As airline travel is impacted, it will have a domino effect on the rest of the travel industry. As prices increase, leisure travel diminishes, and routes are eliminated, so too must car rental companies adjust the inventory of available vehicles at appropriate airports. Consider booking your car well in advance, especially when traveling to a popular destination or busy airport. It will become more likely for car rental agencies to sell out.

The hospitality industry will also be impacted by decreased activity. Although this will be a delayed result, based on the adjusted number of travelers, the good news is that hotels may offer competitive discounts and incentives to retain loyal customers. You should sign-up for programs and be vigilant for special deals.

Those special airline rates for leisure travelers, and the last minute special deals for under $100, are likely to disappear. Prices for all seats are expected to increase, and fewer route options with fuller flights will mean that special discounts will be placed on the endangered species list. And for those hardy business travelers who have saved those frequent flyer miles in hopes of tropical vacation paradise, expect black-out periods and greater advance planning to use those miles in the crowded skies. If fuel prices continue to rise, consider your options to use those accumulated miles this year. Rising costs will force some airlines to introduce even more restrictions on the use of accumulated miles, since these free seats become a liability to cash-flow. Airlines have adjusted the policies on mileage in the past, and are likely to do it again in 2009. Your mileage may not be protected if your carrier of choice is forced to merge, be acquired, or enforce restrictions as a part of an economic reorganization plan. Take a break of the bad news of rising gas prices and fuel charges, and use your miles to go on a well earned vacation while you can still get the most for your miles.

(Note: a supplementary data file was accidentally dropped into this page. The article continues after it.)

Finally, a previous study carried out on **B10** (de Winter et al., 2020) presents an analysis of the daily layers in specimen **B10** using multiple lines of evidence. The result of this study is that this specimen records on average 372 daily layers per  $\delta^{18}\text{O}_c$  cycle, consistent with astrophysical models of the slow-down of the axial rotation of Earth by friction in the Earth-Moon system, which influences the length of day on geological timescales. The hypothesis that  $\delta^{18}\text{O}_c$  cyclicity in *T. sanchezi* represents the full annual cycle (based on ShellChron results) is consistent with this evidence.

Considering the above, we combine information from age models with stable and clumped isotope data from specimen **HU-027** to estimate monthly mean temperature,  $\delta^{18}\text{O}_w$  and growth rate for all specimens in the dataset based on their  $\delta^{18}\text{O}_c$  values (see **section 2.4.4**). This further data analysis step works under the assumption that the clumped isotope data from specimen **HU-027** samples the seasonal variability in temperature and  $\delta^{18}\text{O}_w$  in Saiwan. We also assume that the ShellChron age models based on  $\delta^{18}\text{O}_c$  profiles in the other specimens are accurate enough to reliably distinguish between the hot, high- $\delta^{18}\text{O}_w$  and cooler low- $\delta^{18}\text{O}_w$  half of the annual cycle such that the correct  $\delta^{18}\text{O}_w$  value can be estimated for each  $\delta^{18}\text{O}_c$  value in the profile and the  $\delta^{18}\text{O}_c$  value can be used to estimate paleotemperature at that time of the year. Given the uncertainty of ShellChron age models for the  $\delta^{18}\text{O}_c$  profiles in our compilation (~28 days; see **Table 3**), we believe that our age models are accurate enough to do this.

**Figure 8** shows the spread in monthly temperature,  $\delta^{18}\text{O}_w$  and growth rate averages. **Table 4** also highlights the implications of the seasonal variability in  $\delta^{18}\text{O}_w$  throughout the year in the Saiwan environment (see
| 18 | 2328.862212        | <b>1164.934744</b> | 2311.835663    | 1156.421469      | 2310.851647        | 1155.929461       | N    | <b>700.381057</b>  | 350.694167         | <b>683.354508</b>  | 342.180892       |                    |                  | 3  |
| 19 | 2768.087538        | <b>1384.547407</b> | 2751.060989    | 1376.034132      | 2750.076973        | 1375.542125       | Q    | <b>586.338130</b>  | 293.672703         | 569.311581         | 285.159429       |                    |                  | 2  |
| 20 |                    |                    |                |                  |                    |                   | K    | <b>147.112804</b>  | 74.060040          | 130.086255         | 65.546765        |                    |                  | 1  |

It’s not all bad news. If hotels offer special rates, you might find some nice local vacation packages before the end of 2008, and early 2009. Rising fuel prices, reduced routes, and prohibitive restrictions on air travel may encourage more businesses to use teleconferencing, VOIP, and other technology to collaborate over long distances. A little less travel may mean a little more time at home, and that is always a good thing.

Words of Wisdom

“The scientific theory I like best is that the rings of Saturn are composed entirely of lost airline luggage.” – Mark Russell

“The saying “Getting there is half the fun” became obsolete with the advent of commercial airlines.”
- Henry J. Tillman

“Here’s what I think the truth is: We are all addicts of fossil fuels in a state of denial, about to face cold turkey.” – Kurt Vonnegut

John Mehrmann is author of The Trusted Advocate: Accelerate Success with Authenticity and Integrity, the fundamental guide to achieving extraordinary sales and sustaining loyal customers. This revolutionary book applies peak management techniques and leadership skills, with common sense and practical applications to grow business, sustain loyal customers, and use personal talents for personal success.